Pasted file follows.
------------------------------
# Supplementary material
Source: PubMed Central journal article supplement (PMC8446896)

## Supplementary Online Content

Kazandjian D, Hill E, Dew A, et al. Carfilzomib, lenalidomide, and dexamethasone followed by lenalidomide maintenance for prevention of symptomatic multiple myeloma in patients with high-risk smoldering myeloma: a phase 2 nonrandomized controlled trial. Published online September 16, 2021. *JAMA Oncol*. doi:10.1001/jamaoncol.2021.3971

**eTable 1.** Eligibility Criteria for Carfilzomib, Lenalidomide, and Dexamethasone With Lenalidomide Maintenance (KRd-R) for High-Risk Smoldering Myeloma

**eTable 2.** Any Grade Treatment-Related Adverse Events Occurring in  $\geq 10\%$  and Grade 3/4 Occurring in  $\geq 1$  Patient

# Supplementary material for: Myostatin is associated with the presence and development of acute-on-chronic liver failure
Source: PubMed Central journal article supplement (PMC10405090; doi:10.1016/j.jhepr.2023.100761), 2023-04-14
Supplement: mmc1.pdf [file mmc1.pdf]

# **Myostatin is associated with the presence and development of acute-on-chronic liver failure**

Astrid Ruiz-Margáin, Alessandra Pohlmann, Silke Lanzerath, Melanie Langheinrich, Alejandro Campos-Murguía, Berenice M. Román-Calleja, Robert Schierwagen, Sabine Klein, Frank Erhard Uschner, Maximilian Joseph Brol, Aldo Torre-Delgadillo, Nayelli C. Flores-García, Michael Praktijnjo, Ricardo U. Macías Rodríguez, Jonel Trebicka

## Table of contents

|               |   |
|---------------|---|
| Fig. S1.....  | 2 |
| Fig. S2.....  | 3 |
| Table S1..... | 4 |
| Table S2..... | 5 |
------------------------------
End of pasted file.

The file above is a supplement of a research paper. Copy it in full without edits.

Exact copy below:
# Supplementary material
Source: PubMed Central journal article supplement (PMC8446896)

## Supplementary Online Content

Kazandjian D, Hill E, Dew A, et al. Carfilzomib, lenalidomide, and dexamethasone followed by lenalidomide maintenance for prevention of symptomatic multiple myeloma in patients with high-risk smoldering myeloma: a phase 2 nonrandomized controlled trial. Published online September 16, 2021. *JAMA Oncol*. doi:10.1001/jamaoncol.2021.3971

**eTable 1.** Eligibility Criteria for Carfilzomib, Lenalidomide, and Dexamethasone With Lenalidomide Maintenance (KRd-R) for High-Risk Smoldering Myeloma

**eTable 2.** Any Grade Treatment-Related Adverse Events Occurring in  $\geq 10\%$  and Grade 3/4 Occurring in  $\geq 1$  Patient

# Supplementary material for: Myostatin is associated with the presence and development of acute-on-chronic liver failure
Source: PubMed Central journal article supplement (PMC10405090; doi:10.1016/j.jhepr.2023.100761), 2023-04-14
Supplement: mmc1.pdf [file mmc1.pdf]

# **Myostatin is associated with the presence and development of acute-on-chronic liver failure**

Astrid Ruiz-Margáin, Alessandra Pohlmann, Silke Lanzerath, Melanie Langheinrich, Alejandro Campos-Murguía, Berenice M. Román-Calleja, Robert Schierwagen, Sabine Klein, Frank Erhard Uschner, Maximilian Joseph Brol, Aldo Torre-Delgadillo, Nayelli C. Flores-García, Michael Praktijnjo, Ricardo U. Macías Rodríguez, Jonel Trebicka

## Table of contents

|               |   |
|---------------|---|
| Fig. S1.....  | 2 |
| Fig. S2.....  | 3 |
| Table S1..... | 4 |
| Table S2..... | 5 |